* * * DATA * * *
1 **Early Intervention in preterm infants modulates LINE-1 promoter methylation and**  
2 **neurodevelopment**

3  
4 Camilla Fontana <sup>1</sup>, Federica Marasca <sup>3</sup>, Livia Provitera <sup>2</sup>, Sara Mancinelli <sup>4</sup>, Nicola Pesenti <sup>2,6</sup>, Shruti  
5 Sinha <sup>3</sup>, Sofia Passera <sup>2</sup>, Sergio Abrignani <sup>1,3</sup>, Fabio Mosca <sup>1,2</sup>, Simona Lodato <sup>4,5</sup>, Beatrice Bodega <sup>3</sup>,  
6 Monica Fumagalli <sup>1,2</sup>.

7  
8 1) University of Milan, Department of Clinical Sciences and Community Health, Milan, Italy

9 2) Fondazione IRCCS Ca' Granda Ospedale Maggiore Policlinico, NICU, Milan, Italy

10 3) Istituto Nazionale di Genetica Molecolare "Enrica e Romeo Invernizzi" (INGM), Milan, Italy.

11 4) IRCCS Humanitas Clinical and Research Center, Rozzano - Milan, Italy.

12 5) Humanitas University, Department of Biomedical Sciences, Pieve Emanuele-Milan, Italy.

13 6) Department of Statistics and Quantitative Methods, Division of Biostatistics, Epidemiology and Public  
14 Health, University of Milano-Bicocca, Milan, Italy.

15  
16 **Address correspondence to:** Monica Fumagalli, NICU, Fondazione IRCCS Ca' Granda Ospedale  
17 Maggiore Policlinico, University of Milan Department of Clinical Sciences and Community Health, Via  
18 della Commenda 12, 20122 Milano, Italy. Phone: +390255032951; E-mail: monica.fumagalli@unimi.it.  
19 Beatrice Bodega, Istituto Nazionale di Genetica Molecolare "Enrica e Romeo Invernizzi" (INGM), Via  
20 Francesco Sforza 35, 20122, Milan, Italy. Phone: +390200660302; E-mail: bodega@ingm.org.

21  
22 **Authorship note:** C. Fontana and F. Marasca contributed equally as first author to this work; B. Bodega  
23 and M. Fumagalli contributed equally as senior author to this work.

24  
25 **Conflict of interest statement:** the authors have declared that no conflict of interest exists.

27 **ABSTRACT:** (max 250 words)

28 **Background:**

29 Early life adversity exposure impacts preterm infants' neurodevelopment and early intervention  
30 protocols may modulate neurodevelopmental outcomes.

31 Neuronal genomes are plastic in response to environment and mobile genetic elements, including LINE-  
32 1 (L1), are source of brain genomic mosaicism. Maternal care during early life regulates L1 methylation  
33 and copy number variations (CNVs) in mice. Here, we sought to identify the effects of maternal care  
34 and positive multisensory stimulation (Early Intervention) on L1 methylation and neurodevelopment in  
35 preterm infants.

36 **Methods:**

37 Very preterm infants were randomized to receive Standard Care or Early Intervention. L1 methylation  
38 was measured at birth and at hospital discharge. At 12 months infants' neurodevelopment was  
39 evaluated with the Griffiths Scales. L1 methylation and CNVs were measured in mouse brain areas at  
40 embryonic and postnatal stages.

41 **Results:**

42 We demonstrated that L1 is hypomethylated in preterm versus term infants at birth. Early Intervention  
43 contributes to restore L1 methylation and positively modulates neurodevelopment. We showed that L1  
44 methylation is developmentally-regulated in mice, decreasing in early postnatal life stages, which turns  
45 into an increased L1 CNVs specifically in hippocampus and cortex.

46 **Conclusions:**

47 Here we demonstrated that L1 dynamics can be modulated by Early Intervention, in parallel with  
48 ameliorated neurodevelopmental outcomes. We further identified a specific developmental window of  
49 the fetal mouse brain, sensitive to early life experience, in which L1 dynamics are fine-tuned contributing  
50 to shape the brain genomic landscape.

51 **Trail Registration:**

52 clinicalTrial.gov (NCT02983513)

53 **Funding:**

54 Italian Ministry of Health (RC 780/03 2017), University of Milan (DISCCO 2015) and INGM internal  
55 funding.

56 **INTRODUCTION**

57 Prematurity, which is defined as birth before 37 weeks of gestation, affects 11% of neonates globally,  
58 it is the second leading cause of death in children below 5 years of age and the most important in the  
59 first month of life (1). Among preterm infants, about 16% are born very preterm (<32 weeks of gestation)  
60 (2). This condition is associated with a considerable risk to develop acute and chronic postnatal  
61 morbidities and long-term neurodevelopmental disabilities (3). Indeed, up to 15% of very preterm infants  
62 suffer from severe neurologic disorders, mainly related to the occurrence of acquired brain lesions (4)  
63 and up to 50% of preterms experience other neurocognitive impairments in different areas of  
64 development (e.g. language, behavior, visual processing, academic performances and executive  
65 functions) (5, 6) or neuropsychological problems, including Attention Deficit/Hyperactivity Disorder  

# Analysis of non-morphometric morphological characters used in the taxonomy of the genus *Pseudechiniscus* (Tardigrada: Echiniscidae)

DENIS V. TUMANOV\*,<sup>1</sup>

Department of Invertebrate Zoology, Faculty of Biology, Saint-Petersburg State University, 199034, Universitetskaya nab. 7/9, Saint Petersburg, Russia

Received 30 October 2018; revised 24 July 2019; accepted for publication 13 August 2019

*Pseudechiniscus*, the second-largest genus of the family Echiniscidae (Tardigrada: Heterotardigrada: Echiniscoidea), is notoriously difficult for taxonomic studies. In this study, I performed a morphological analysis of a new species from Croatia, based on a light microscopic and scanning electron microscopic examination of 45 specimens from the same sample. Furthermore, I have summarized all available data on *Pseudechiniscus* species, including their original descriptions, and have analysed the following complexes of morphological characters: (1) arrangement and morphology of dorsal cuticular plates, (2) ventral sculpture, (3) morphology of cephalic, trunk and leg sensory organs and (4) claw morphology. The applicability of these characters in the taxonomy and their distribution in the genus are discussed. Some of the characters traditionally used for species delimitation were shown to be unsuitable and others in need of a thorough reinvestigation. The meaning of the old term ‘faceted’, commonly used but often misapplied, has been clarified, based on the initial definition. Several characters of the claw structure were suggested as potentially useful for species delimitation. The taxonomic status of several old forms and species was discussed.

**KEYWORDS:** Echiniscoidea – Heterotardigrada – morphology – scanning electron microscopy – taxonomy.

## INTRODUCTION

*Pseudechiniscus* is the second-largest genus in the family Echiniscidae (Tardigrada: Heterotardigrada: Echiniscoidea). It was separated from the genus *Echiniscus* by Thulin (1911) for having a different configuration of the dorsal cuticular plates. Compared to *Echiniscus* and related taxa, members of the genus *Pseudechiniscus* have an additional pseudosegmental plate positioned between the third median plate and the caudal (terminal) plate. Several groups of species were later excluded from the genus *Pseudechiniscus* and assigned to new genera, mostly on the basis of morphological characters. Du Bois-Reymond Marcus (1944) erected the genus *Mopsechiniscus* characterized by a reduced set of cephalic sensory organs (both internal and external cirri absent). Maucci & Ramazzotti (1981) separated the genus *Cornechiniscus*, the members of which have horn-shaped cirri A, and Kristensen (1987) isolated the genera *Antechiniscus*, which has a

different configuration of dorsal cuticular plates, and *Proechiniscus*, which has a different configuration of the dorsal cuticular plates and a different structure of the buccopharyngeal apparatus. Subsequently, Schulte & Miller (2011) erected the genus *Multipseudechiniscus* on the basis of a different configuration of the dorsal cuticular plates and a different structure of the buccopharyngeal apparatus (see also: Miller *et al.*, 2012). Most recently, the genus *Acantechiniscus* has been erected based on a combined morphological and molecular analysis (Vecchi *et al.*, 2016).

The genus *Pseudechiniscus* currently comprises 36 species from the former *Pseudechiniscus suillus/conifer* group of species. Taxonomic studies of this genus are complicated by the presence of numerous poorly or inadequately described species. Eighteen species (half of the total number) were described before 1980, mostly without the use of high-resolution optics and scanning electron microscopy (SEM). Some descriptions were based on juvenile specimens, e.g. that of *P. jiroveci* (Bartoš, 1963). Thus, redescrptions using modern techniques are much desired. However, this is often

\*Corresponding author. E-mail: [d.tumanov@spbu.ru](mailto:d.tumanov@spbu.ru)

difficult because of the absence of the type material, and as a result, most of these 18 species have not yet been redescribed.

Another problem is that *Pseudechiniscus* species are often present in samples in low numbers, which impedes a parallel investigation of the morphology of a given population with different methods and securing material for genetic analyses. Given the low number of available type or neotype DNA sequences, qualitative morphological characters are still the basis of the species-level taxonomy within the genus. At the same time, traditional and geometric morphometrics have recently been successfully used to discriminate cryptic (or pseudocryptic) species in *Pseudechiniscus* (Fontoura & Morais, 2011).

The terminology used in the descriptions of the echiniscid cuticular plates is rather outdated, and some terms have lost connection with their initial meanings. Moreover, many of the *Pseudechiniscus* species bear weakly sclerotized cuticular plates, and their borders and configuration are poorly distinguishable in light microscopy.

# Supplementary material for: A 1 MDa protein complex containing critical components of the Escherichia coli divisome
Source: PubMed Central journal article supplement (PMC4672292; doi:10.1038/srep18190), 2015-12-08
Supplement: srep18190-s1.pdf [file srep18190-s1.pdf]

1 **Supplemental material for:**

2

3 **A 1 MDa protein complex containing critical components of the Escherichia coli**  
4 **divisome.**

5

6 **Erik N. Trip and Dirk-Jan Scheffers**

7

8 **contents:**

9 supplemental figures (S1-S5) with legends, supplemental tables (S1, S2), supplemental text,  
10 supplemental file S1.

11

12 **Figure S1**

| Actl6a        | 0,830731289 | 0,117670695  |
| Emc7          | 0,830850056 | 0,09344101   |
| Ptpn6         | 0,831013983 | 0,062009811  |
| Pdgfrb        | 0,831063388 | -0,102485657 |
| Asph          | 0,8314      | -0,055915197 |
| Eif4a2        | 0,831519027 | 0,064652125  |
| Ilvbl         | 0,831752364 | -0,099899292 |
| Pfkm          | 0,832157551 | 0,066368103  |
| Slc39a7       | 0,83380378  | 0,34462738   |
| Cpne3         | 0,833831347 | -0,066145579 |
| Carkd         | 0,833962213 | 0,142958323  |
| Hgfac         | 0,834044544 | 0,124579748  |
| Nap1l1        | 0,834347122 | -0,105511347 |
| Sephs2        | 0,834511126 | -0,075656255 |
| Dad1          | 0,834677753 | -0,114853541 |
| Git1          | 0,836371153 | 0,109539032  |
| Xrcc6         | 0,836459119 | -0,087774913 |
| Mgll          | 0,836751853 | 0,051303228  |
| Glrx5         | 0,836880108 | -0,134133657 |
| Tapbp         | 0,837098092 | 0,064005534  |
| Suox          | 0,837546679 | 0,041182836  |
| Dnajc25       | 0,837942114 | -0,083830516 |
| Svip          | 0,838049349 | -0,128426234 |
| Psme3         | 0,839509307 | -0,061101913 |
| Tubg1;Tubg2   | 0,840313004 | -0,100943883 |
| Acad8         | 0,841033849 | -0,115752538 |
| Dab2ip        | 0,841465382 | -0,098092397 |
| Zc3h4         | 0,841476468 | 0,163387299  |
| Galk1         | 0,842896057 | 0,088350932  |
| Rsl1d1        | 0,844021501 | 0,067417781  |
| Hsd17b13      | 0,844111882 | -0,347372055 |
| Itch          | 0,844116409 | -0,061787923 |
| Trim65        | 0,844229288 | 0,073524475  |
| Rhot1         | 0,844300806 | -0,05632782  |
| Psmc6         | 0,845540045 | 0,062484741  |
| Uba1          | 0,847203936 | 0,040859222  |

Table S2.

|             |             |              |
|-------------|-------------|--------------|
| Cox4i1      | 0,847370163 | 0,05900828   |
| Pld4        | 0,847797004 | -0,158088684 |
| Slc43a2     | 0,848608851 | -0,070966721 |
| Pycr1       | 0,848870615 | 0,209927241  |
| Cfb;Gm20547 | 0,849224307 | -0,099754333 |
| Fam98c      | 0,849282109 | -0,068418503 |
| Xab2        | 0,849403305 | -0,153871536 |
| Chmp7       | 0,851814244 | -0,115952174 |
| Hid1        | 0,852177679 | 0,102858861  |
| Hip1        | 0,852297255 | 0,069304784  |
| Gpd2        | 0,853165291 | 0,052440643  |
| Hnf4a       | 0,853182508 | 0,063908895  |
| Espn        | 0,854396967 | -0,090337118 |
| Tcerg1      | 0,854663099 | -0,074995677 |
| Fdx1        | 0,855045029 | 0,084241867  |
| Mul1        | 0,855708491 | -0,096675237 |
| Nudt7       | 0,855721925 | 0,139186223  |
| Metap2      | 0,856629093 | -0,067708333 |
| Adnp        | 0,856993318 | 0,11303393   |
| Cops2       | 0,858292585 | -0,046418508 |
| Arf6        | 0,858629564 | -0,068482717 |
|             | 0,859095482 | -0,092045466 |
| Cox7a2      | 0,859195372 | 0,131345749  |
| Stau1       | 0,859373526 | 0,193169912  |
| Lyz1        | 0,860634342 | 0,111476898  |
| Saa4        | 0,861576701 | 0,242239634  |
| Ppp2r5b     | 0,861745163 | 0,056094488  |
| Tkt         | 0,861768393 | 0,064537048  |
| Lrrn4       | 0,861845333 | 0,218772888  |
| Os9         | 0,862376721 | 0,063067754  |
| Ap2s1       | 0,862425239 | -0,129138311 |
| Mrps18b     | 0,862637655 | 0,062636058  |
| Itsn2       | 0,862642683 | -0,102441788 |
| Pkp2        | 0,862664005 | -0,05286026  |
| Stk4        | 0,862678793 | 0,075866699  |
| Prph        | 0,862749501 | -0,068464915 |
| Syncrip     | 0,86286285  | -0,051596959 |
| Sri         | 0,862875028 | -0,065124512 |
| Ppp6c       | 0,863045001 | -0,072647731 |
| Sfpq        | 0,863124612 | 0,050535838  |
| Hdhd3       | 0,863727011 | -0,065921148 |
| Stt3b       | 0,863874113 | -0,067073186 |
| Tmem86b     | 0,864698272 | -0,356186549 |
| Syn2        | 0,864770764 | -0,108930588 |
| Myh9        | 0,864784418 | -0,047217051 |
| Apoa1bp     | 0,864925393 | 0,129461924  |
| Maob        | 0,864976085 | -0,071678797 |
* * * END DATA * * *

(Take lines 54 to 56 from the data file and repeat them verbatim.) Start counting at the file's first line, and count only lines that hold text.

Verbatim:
55 funding.

56 **INTRODUCTION**

57 Prematurity, which is defined as birth before 37 weeks of gestation, affects 11% of neonates globally,  